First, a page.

One of our core beliefs is that learning through play is universal and shaped by culture. People around the world play and have the ability to learn from that play. At the same time, play is a cultural construct. Whom children play with, how they play, where and when they play, and what age they should stop playing (if ever!) are determined by cultural contexts. The form and content of playful learning therefore varies depending on the context.
Motivated by this understanding, in 2017 we began research to answer the question: What does playful learning look and feel like in South African schools? Working closely with researchers Kgopotso Khumalo and Stephanie Nowack, we collaborated with 11 teachers in three Johannesburg/Pretoria area schools to better understand what playful learning entails in South African schools. We worked with these teachers because, as you can see in these images from three of the classrooms, they and their schools, are committed to empowering their learners, activating their imaginations, and having them enjoy school.
You can learn more about these classrooms, and the findings of the entire research project in a new working paper titled, “Towards a South African Pedagogy of Play.” In this paper we put forward two hypotheses: a) learning through play in South African schools involves the interrelated experiences of ownership, curiosity, and enjoyment, and b) for South African learners and educators, Ubuntu is a central part of playful learning. To explain these hypotheses, we introduce the South African “Indicators of Playful Learning,” a model of what playful learning looks and feels like in these classrooms. We explain the research methods—including analysis of classroom observations and interviews with learners, teachers, and principals—used in formulating these hypotheses, explore the connections between Ubuntu and playful learning, and share examples of playful learning from South African classrooms to illustrate our hypotheses. We discuss the implications of our preliminary findings, and suggest next steps for research. Overall, the paper makes the case for a South African pedagogy of play and, by defining the phenomenon of learning through play, begins to explore what such an approach to teaching and learning might involve.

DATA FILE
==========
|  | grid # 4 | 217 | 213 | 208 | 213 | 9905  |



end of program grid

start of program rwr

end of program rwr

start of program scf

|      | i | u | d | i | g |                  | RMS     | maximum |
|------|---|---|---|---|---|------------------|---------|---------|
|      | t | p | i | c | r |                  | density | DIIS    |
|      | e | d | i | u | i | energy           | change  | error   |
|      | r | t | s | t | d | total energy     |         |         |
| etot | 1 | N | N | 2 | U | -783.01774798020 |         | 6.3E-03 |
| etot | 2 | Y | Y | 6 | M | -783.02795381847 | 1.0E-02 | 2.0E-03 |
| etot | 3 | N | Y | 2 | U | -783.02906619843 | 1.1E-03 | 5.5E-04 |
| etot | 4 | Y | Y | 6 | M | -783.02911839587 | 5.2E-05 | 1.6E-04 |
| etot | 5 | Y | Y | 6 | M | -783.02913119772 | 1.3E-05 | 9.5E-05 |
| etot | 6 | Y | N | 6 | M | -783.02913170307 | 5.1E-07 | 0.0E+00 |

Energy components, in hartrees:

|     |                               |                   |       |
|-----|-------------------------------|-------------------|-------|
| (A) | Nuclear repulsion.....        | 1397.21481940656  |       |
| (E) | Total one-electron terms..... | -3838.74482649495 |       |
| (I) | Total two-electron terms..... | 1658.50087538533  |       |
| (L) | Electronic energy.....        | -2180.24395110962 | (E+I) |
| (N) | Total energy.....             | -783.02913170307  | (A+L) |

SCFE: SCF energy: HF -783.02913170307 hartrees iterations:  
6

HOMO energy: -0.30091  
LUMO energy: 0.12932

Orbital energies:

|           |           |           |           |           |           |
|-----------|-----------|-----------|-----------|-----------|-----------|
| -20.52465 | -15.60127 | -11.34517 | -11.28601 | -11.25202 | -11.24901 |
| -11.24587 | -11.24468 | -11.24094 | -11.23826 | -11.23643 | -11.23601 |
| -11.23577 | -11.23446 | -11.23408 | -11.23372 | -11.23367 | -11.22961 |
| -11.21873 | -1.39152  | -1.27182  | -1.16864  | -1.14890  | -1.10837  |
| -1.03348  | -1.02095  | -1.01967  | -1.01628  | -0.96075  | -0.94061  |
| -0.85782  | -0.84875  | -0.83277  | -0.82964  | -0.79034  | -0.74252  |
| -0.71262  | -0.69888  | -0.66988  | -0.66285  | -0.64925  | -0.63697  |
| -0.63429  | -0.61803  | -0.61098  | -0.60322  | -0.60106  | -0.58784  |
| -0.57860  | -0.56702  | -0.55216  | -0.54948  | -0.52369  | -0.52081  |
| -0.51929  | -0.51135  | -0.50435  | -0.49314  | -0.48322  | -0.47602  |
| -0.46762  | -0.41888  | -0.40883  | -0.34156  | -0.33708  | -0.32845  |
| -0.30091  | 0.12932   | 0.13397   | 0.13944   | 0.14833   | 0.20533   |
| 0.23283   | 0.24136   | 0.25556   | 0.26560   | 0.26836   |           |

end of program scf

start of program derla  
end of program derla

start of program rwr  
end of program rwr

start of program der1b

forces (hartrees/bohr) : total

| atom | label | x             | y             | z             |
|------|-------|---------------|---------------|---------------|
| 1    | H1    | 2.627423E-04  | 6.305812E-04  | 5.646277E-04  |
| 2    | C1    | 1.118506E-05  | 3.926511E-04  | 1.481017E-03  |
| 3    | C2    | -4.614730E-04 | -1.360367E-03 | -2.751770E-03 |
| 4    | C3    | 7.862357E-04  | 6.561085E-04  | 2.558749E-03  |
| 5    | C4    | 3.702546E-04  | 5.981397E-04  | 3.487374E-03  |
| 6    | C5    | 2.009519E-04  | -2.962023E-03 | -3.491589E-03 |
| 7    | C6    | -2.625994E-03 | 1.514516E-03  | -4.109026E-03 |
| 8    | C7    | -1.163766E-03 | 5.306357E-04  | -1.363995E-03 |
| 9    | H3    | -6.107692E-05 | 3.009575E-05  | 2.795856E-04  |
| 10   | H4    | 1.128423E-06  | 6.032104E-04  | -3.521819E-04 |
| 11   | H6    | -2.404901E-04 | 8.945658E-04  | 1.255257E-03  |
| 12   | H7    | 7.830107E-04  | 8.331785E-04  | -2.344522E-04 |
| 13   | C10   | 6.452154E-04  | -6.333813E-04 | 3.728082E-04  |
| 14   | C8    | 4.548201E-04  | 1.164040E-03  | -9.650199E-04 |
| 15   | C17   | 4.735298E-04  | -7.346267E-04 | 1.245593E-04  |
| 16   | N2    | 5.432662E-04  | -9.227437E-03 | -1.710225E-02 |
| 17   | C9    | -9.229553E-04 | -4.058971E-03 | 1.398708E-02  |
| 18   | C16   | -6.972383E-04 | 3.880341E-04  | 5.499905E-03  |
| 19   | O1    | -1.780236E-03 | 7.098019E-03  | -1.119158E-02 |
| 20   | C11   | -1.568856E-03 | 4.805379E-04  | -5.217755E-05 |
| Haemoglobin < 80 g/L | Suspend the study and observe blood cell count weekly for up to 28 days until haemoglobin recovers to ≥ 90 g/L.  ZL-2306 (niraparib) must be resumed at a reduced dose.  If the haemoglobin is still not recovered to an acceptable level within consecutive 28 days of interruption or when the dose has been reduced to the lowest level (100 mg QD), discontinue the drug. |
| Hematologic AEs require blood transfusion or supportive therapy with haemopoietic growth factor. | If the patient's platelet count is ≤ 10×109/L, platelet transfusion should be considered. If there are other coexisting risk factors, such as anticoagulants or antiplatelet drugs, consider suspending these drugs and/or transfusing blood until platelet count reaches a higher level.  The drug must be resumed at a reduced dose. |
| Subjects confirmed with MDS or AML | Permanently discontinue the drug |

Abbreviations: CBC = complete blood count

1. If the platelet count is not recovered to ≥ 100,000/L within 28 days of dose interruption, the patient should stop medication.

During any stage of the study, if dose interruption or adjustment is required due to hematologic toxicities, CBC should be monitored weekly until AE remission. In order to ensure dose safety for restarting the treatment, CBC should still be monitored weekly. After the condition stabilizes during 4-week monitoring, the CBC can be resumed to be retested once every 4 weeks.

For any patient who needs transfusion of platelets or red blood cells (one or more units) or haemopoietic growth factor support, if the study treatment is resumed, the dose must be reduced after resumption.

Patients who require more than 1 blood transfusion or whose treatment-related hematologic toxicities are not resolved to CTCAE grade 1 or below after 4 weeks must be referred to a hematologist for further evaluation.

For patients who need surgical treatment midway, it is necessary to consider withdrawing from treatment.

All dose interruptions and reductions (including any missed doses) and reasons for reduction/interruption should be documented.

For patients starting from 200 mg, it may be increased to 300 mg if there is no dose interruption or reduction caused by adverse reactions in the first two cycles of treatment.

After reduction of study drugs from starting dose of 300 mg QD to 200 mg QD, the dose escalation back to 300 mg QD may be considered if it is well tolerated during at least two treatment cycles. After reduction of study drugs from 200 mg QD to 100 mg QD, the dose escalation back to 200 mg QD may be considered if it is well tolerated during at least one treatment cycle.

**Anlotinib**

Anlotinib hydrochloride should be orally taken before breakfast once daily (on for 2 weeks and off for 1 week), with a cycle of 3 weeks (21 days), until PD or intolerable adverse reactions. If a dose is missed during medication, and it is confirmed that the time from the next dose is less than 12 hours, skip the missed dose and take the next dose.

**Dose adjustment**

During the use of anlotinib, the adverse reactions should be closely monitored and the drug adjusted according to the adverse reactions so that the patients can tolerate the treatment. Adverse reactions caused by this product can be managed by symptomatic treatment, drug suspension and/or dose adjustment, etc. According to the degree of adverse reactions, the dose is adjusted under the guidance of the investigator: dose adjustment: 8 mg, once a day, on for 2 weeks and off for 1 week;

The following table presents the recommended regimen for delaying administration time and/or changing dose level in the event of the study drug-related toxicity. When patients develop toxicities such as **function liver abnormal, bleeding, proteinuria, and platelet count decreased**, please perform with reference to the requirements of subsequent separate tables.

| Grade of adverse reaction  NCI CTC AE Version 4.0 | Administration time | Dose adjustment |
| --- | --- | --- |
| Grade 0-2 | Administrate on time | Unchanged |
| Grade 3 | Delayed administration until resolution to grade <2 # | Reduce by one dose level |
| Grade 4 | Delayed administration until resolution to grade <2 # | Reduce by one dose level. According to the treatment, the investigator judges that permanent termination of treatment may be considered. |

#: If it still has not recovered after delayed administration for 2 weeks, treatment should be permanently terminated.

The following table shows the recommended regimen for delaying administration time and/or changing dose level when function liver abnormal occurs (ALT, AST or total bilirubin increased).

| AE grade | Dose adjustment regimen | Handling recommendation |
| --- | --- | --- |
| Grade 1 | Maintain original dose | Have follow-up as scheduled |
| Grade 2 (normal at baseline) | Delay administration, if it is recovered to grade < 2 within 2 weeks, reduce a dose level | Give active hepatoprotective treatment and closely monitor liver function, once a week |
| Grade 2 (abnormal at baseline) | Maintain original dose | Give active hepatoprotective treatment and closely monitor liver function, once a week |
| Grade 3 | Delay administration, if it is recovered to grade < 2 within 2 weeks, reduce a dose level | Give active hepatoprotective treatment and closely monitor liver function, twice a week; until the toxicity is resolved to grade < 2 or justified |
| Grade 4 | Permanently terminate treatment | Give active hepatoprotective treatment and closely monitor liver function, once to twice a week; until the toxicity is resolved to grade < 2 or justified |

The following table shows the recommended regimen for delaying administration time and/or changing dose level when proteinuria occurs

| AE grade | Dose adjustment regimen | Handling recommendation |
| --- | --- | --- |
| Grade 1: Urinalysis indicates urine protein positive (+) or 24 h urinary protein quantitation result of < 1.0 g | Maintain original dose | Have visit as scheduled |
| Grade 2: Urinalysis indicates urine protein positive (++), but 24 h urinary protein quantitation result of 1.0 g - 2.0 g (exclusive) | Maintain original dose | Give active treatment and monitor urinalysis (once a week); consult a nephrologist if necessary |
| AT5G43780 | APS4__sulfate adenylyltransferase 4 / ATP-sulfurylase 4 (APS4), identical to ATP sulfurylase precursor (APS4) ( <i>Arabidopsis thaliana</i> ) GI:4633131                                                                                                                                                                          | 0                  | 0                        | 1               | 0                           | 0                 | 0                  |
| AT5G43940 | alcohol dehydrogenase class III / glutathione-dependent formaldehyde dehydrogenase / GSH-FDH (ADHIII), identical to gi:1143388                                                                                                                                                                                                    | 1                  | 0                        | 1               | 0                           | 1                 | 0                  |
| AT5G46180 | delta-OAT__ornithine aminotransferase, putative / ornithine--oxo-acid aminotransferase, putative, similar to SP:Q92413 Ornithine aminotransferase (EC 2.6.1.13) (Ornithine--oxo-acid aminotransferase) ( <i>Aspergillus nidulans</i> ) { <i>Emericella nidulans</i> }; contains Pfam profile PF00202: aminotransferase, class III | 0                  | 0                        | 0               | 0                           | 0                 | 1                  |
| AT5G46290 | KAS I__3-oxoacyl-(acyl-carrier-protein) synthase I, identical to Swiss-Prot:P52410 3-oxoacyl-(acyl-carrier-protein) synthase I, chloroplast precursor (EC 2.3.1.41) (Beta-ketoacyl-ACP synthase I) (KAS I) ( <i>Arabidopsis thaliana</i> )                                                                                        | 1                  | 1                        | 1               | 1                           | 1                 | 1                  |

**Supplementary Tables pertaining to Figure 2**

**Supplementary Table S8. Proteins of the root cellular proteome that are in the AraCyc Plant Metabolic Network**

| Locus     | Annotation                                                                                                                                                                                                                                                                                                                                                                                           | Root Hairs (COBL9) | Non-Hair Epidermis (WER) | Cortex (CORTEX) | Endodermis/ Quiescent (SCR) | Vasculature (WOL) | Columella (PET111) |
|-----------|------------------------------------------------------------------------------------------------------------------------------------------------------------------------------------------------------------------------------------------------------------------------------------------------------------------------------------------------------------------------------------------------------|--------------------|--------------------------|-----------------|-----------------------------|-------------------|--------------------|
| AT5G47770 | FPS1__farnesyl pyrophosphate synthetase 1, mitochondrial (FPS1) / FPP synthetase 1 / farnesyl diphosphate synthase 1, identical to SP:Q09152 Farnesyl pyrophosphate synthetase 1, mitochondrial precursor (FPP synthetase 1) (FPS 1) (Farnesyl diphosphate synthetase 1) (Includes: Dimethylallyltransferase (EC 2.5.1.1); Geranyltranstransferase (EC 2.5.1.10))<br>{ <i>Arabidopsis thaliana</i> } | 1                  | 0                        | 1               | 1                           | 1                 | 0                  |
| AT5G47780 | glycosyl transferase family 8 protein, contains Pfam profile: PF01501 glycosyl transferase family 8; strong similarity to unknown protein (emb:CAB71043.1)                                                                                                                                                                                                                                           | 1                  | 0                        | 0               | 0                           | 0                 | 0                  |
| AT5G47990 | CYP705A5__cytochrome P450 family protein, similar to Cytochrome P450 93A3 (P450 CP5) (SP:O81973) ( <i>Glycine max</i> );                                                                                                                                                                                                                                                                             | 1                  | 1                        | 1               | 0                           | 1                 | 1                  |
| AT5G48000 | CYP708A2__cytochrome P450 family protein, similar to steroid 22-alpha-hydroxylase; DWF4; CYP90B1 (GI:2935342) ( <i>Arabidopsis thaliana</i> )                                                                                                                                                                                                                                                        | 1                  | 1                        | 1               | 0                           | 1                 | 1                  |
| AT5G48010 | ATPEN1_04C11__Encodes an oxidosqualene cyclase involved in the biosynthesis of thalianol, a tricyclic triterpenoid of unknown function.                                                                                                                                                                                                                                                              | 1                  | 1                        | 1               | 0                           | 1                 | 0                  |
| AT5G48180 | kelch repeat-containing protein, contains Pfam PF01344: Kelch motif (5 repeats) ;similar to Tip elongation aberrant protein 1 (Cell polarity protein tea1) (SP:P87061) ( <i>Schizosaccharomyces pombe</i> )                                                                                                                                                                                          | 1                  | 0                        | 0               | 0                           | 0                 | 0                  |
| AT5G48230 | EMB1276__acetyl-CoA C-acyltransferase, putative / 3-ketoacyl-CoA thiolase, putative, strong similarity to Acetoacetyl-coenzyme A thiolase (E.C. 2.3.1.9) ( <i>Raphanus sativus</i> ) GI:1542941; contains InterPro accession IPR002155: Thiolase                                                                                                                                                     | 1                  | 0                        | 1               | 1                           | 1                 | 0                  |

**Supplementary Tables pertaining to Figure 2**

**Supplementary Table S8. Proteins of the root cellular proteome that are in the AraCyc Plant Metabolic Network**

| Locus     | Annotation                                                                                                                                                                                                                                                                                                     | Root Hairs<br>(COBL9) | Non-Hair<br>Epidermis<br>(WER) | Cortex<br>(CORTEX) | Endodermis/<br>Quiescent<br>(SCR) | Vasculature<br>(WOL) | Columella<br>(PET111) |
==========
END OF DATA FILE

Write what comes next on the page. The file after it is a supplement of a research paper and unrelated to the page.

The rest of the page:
This week (February 24th through 26th) we will share our research at the first-ever African Play Conference in Pretoria. Sponsored by the South African Ministry of Basic Education, UNICEF, LEGO Foundation, and the Association for the Development of Education in Africa, the conference will gather educators, policy-makers, and researchers from across Africa and beyond, with the goal of bringing the power of learning through play to children across the continent. We look forward to exploring with the other participants how learning through play can become an integral part of education systems throughout Africa. You can follow the conference at #AfricaPlay.